Freedom of Speech and the Editorial Cartoon

Marlette, Doug
December 2004
Nieman Reports;Winter2004, Vol. 58 Issue 4, p21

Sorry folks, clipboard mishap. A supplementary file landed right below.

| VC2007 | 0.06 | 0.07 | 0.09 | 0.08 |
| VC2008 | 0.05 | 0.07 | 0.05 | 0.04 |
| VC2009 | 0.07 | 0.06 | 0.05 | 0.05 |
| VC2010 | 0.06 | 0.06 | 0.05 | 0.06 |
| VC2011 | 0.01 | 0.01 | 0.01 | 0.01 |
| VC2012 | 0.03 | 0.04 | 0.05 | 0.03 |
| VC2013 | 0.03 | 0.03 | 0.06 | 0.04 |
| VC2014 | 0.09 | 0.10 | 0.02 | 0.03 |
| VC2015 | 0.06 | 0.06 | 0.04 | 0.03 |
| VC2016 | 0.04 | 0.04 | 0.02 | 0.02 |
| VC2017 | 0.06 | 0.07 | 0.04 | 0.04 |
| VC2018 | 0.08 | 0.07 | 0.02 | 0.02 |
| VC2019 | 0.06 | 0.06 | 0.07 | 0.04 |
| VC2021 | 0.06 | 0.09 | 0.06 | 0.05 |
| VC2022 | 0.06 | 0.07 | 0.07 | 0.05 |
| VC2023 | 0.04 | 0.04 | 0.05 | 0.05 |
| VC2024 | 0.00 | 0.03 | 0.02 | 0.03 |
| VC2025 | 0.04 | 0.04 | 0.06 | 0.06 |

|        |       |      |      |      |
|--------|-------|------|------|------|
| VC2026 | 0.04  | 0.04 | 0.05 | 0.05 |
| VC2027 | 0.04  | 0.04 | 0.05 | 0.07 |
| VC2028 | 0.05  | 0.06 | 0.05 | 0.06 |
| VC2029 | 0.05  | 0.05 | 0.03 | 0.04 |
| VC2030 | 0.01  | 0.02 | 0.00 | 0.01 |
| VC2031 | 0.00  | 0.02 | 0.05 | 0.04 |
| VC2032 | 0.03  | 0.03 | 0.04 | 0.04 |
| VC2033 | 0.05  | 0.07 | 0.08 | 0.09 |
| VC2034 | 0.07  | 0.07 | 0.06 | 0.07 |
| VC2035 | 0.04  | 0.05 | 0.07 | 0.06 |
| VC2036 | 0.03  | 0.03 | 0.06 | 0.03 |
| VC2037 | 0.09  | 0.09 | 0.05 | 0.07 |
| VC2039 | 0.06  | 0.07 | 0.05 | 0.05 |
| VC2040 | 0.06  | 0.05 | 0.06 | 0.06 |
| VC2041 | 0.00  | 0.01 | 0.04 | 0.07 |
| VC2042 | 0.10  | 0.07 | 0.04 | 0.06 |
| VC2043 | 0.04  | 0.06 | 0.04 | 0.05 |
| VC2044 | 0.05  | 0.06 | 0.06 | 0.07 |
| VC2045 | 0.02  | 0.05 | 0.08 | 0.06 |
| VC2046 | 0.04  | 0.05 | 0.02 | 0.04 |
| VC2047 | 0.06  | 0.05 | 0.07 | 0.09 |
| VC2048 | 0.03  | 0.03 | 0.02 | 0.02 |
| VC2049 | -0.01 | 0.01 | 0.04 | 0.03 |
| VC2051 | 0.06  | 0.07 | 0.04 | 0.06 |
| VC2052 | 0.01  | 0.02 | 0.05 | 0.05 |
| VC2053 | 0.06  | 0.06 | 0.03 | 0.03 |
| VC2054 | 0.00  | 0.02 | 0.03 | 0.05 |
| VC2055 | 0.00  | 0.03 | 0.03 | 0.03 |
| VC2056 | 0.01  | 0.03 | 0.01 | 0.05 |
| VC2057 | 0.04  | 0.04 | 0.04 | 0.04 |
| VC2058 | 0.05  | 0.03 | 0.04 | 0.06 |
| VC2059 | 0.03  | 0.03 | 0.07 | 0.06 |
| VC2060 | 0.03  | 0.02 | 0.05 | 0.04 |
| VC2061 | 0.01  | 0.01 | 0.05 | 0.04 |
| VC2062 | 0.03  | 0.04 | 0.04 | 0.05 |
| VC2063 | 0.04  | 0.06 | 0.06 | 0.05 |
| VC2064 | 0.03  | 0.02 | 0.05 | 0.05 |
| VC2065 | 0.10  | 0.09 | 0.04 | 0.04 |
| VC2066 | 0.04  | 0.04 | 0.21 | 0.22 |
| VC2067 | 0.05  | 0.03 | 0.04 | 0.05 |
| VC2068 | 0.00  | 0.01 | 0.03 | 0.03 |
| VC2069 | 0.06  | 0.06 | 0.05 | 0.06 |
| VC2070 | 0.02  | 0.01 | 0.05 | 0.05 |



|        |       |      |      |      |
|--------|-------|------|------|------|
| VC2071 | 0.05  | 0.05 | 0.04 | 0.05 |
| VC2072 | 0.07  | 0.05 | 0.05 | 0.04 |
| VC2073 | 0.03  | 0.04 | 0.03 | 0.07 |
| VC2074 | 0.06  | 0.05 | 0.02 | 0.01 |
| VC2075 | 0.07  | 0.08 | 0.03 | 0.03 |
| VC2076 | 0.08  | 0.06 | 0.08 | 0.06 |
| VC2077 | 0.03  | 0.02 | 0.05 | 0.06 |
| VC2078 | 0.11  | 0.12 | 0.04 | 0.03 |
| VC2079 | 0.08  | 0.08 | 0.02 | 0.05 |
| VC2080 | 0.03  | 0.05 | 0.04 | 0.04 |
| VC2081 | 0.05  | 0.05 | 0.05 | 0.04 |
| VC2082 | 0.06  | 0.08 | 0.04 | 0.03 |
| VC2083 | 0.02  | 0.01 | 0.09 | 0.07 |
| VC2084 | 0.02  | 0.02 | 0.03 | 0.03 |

This article discusses the significance of the editorial cartoons in the U.S. Cartoonists have been declining--down from almost 200 in the 1980s to fewer than 90 in 2004. The poisonous fumes laying us low are the byproduct of the corporate culture that has engulfed newspapering during the past two decades. It is a bottom-line cult of efficiency that threatens not just the profession but the integrity of journalism and hence the unruly spirit of democracy. That is old news, and all heard reasons for the disappearance of the editorial cartoon. Circulation is down and budgets are tight. Newsprint costs soar. Editors forced to cut budgets look around and find the expendable employee, or the person least like them: the guy or gal who just draws pictures. Newspapers have survived challenges for 200 years, from the rise of the telegraph to radio and television and now 24/7 cable news programming. That is because the newspaper's indispensable function has been to shape its community's very identity through the distinctive voices and personalities on its pages. Cartoons are the most accessible window into the character of the paper and its town. Yet more and more publishers are convincing themselves that they do not need a local pen or brush representing them on the editorial page. Instead of having an artist who will continue to shape and reflect the soul of their community, they get by cherry-picking canned cartoons from syndicates.


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